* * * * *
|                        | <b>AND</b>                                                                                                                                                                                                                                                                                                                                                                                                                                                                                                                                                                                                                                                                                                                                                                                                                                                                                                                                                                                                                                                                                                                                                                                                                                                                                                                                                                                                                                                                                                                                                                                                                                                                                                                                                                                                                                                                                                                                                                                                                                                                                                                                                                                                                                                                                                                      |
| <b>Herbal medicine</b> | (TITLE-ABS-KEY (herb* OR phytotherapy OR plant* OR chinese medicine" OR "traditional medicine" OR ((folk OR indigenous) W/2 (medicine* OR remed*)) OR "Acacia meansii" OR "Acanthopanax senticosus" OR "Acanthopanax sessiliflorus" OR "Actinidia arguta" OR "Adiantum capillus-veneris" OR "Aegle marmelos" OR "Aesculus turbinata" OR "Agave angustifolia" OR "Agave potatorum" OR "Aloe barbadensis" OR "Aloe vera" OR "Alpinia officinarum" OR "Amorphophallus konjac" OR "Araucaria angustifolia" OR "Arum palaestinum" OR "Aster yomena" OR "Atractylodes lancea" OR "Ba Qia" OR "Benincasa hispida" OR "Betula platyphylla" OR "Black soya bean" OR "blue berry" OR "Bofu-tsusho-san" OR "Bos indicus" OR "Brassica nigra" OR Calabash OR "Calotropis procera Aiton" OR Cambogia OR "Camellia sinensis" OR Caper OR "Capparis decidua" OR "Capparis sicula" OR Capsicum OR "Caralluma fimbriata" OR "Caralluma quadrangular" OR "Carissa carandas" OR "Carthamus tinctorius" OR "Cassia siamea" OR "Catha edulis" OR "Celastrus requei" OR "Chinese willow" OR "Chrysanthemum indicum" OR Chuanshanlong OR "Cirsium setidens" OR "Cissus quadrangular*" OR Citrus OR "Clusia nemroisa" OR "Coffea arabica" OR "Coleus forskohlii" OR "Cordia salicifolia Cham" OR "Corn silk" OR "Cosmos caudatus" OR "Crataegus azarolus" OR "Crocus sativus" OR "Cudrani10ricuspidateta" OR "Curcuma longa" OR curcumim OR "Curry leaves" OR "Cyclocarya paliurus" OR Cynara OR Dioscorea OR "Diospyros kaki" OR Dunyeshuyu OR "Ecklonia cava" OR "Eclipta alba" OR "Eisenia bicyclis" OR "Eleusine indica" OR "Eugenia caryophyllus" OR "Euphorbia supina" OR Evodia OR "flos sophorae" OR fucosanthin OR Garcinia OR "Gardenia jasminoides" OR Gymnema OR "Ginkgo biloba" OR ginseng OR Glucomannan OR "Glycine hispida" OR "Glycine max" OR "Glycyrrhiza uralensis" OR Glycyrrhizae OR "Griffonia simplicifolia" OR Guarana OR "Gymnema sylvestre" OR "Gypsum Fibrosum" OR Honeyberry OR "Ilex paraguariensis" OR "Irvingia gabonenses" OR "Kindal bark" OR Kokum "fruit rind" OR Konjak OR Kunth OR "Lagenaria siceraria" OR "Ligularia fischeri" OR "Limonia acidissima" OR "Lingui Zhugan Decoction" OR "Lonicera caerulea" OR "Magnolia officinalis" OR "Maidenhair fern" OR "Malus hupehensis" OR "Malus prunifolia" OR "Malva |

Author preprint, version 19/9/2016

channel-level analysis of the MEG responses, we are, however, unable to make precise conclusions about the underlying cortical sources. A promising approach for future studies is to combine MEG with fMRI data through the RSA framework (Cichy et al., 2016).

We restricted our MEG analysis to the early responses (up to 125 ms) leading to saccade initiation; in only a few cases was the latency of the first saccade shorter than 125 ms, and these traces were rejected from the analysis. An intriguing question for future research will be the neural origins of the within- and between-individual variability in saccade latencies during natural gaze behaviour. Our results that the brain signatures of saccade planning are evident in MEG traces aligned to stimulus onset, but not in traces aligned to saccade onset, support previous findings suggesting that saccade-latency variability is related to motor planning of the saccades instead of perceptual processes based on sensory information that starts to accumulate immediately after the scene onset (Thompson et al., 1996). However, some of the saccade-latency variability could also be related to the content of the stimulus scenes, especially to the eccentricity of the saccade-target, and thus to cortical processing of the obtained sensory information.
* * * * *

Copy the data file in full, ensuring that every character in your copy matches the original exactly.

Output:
|                        | <b>AND</b>                                                                                                                                                                                                                                                                                                                                                                                                                                                                                                                                                                                                                                                                                                                                                                                                                                                                                                                                                                                                                                                                                                                                                                                                                                                                                                                                                                                                                                                                                                                                                                                                                                                                                                                                                                                                                                                                                                                                                                                                                                                                                                                                                                                                                                                                                                                      |
| <b>Herbal medicine</b> | (TITLE-ABS-KEY (herb* OR phytotherapy OR plant* OR chinese medicine" OR "traditional medicine" OR ((folk OR indigenous) W/2 (medicine* OR remed*)) OR "Acacia meansii" OR "Acanthopanax senticosus" OR "Acanthopanax sessiliflorus" OR "Actinidia arguta" OR "Adiantum capillus-veneris" OR "Aegle marmelos" OR "Aesculus turbinata" OR "Agave angustifolia" OR "Agave potatorum" OR "Aloe barbadensis" OR "Aloe vera" OR "Alpinia officinarum" OR "Amorphophallus konjac" OR "Araucaria angustifolia" OR "Arum palaestinum" OR "Aster yomena" OR "Atractylodes lancea" OR "Ba Qia" OR "Benincasa hispida" OR "Betula platyphylla" OR "Black soya bean" OR "blue berry" OR "Bofu-tsusho-san" OR "Bos indicus" OR "Brassica nigra" OR Calabash OR "Calotropis procera Aiton" OR Cambogia OR "Camellia sinensis" OR Caper OR "Capparis decidua" OR "Capparis sicula" OR Capsicum OR "Caralluma fimbriata" OR "Caralluma quadrangular" OR "Carissa carandas" OR "Carthamus tinctorius" OR "Cassia siamea" OR "Catha edulis" OR "Celastrus requei" OR "Chinese willow" OR "Chrysanthemum indicum" OR Chuanshanlong OR "Cirsium setidens" OR "Cissus quadrangular*" OR Citrus OR "Clusia nemroisa" OR "Coffea arabica" OR "Coleus forskohlii" OR "Cordia salicifolia Cham" OR "Corn silk" OR "Cosmos caudatus" OR "Crataegus azarolus" OR "Crocus sativus" OR "Cudrani10ricuspidateta" OR "Curcuma longa" OR curcumim OR "Curry leaves" OR "Cyclocarya paliurus" OR Cynara OR Dioscorea OR "Diospyros kaki" OR Dunyeshuyu OR "Ecklonia cava" OR "Eclipta alba" OR "Eisenia bicyclis" OR "Eleusine indica" OR "Eugenia caryophyllus" OR "Euphorbia supina" OR Evodia OR "flos sophorae" OR fucosanthin OR Garcinia OR "Gardenia jasminoides" OR Gymnema OR "Ginkgo biloba" OR ginseng OR Glucomannan OR "Glycine hispida" OR "Glycine max" OR "Glycyrrhiza uralensis" OR Glycyrrhizae OR "Griffonia simplicifolia" OR Guarana OR "Gymnema sylvestre" OR "Gypsum Fibrosum" OR Honeyberry OR "Ilex paraguariensis" OR "Irvingia gabonenses" OR "Kindal bark" OR Kokum "fruit rind" OR Konjak OR Kunth OR "Lagenaria siceraria" OR "Ligularia fischeri" OR "Limonia acidissima" OR "Lingui Zhugan Decoction" OR "Lonicera caerulea" OR "Magnolia officinalis" OR "Maidenhair fern" OR "Malus hupehensis" OR "Malus prunifolia" OR "Malva |

Author preprint, version 19/9/2016

channel-level analysis of the MEG responses, we are, however, unable to make precise conclusions about the underlying cortical sources. A promising approach for future studies is to combine MEG with fMRI data through the RSA framework (Cichy et al., 2016).

We restricted our MEG analysis to the early responses (up to 125 ms) leading to saccade initiation; in only a few cases was the latency of the first saccade shorter than 125 ms, and these traces were rejected from the analysis. An intriguing question for future research will be the neural origins of the within- and between-individual variability in saccade latencies during natural gaze behaviour. Our results that the brain signatures of saccade planning are evident in MEG traces aligned to stimulus onset, but not in traces aligned to saccade onset, support previous findings suggesting that saccade-latency variability is related to motor planning of the saccades instead of perceptual processes based on sensory information that starts to accumulate immediately after the scene onset (Thompson et al., 1996). However, some of the saccade-latency variability could also be related to the content of the stimulus scenes, especially to the eccentricity of the saccade-target, and thus to cortical processing of the obtained sensory information.